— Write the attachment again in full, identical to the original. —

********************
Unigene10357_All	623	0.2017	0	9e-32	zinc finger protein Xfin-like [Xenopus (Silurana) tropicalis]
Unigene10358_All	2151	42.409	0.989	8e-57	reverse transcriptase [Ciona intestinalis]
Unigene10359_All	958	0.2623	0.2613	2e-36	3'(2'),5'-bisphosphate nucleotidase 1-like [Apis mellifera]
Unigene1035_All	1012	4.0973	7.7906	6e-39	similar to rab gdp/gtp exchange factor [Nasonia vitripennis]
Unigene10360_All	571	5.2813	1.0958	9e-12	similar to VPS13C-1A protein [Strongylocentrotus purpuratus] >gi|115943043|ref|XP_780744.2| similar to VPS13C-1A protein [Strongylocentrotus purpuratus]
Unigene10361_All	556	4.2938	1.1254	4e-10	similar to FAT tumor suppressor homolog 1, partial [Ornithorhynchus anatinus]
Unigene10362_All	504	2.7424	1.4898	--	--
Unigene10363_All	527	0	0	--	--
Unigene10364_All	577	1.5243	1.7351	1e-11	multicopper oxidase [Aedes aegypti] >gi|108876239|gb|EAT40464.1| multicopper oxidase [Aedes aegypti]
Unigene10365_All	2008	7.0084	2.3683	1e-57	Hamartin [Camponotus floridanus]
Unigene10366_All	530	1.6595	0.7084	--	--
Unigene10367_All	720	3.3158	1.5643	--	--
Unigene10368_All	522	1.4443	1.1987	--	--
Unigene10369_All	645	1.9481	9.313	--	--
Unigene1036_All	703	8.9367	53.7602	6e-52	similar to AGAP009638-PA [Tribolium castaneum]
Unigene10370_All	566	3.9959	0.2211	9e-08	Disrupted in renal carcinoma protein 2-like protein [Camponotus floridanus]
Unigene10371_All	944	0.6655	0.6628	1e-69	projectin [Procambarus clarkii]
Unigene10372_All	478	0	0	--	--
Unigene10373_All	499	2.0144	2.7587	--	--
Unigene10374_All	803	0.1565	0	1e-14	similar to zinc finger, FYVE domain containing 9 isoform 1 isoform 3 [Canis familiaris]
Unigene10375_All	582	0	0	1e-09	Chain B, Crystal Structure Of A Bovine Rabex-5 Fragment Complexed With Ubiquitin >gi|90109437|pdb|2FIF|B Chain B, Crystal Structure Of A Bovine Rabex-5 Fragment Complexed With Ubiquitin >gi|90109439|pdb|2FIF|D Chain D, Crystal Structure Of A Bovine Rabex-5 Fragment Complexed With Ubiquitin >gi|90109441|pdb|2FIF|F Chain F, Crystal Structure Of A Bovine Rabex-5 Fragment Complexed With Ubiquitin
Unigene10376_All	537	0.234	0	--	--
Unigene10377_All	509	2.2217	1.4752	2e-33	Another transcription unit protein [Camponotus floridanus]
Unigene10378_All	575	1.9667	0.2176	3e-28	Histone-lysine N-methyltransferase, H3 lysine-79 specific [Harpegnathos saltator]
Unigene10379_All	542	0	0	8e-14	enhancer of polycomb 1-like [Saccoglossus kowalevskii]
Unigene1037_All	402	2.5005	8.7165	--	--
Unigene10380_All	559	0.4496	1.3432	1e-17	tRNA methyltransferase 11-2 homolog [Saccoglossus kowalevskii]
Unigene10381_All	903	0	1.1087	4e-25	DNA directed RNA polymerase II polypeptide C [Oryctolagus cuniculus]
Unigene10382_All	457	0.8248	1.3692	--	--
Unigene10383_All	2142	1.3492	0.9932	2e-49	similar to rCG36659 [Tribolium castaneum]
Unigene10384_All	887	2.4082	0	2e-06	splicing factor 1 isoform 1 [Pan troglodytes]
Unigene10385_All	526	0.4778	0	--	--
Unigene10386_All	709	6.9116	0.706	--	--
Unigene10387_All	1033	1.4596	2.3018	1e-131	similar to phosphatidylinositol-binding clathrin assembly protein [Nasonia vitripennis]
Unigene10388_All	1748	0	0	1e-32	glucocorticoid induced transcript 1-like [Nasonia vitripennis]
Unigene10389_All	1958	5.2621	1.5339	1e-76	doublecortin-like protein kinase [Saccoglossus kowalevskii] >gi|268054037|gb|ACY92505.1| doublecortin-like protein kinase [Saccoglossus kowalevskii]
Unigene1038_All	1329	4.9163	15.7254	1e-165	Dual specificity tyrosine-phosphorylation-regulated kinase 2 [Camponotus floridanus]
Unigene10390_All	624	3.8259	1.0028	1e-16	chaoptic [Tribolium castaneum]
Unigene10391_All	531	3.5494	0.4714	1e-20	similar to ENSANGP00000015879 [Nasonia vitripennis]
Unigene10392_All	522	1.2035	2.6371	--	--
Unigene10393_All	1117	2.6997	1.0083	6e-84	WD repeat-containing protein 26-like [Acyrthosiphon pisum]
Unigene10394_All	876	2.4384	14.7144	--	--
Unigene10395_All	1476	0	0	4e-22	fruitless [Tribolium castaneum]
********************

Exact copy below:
Unigene10357_All	623	0.2017	0	9e-32	zinc finger protein Xfin-like [Xenopus (Silurana) tropicalis]
Unigene10358_All	2151	42.409	0.989	8e-57	reverse transcriptase [Ciona intestinalis]
Unigene10359_All	958	0.2623	0.2613	2e-36	3'(2'),5'-bisphosphate nucleotidase 1-like [Apis mellifera]
Unigene1035_All	1012	4.0973	7.7906	6e-39	similar to rab gdp/gtp exchange factor [Nasonia vitripennis]
Unigene10360_All	571	5.2813	1.0958	9e-12	similar to VPS13C-1A protein [Strongylocentrotus purpuratus] >gi|115943043|ref|XP_780744.2| similar to VPS13C-1A protein [Strongylocentrotus purpuratus]
Unigene10361_All	556	4.2938	1.1254	4e-10	similar to FAT tumor suppressor homolog 1, partial [Ornithorhynchus anatinus]
Unigene10362_All	504	2.7424	1.4898	--	--
Unigene10363_All	527	0	0	--	--
Unigene10364_All	577	1.5243	1.7351	1e-11	multicopper oxidase [Aedes aegypti] >gi|108876239|gb|EAT40464.1| multicopper oxidase [Aedes aegypti]
Unigene10365_All	2008	7.0084	2.3683	1e-57	Hamartin [Camponotus floridanus]
Unigene10366_All	530	1.6595	0.7084	--	--
Unigene10367_All	720	3.3158	1.5643	--	--
Unigene10368_All	522	1.4443	1.1987	--	--
Unigene10369_All	645	1.9481	9.313	--	--
Unigene1036_All	703	8.9367	53.7602	6e-52	similar to AGAP009638-PA [Tribolium castaneum]
Unigene10370_All	566	3.9959	0.2211	9e-08	Disrupted in renal carcinoma protein 2-like protein [Camponotus floridanus]
Unigene10371_All	944	0.6655	0.6628	1e-69	projectin [Procambarus clarkii]
Unigene10372_All	478	0	0	--	--
Unigene10373_All	499	2.0144	2.7587	--	--
Unigene10374_All	803	0.1565	0	1e-14	similar to zinc finger, FYVE domain containing 9 isoform 1 isoform 3 [Canis familiaris]
Unigene10375_All	582	0	0	1e-09	Chain B, Crystal Structure Of A Bovine Rabex-5 Fragment Complexed With Ubiquitin >gi|90109437|pdb|2FIF|B Chain B, Crystal Structure Of A Bovine Rabex-5 Fragment Complexed With Ubiquitin >gi|90109439|pdb|2FIF|D Chain D, Crystal Structure Of A Bovine Rabex-5 Fragment Complexed With Ubiquitin >gi|90109441|pdb|2FIF|F Chain F, Crystal Structure Of A Bovine Rabex-5 Fragment Complexed With Ubiquitin
Unigene10376_All	537	0.234	0	--	--
Unigene10377_All	509	2.2217	1.4752	2e-33	Another transcription unit protein [Camponotus floridanus]
Unigene10378_All	575	1.9667	0.2176	3e-28	Histone-lysine N-methyltransferase, H3 lysine-79 specific [Harpegnathos saltator]
Unigene10379_All	542	0	0	8e-14	enhancer of polycomb 1-like [Saccoglossus kowalevskii]
Unigene1037_All	402	2.5005	8.7165	--	--
Unigene10380_All	559	0.4496	1.3432	1e-17	tRNA methyltransferase 11-2 homolog [Saccoglossus kowalevskii]
Unigene10381_All	903	0	1.1087	4e-25	DNA directed RNA polymerase II polypeptide C [Oryctolagus cuniculus]
Unigene10382_All	457	0.8248	1.3692	--	--
Unigene10383_All	2142	1.3492	0.9932	2e-49	similar to rCG36659 [Tribolium castaneum]
Unigene10384_All	887	2.4082	0	2e-06	splicing factor 1 isoform 1 [Pan troglodytes]
Unigene10385_All	526	0.4778	0	--	--
Unigene10386_All	709	6.9116	0.706	--	--
Unigene10387_All	1033	1.4596	2.3018	1e-131	similar to phosphatidylinositol-binding clathrin assembly protein [Nasonia vitripennis]
Unigene10388_All	1748	0	0	1e-32	glucocorticoid induced transcript 1-like [Nasonia vitripennis]
Unigene10389_All	1958	5.2621	1.5339	1e-76	doublecortin-like protein kinase [Saccoglossus kowalevskii] >gi|268054037|gb|ACY92505.1| doublecortin-like protein kinase [Saccoglossus kowalevskii]
Unigene1038_All	1329	4.9163	15.7254	1e-165	Dual specificity tyrosine-phosphorylation-regulated kinase 2 [Camponotus floridanus]
Unigene10390_All	624	3.8259	1.0028	1e-16	chaoptic [Tribolium castaneum]
Unigene10391_All	531	3.5494	0.4714	1e-20	similar to ENSANGP00000015879 [Nasonia vitripennis]
Unigene10392_All	522	1.2035	2.6371	--	--
Unigene10393_All	1117	2.6997	1.0083	6e-84	WD repeat-containing protein 26-like [Acyrthosiphon pisum]
Unigene10394_All	876	2.4384	14.7144	--	--
Unigene10395_All	1476	0	0	4e-22	fruitless [Tribolium castaneum]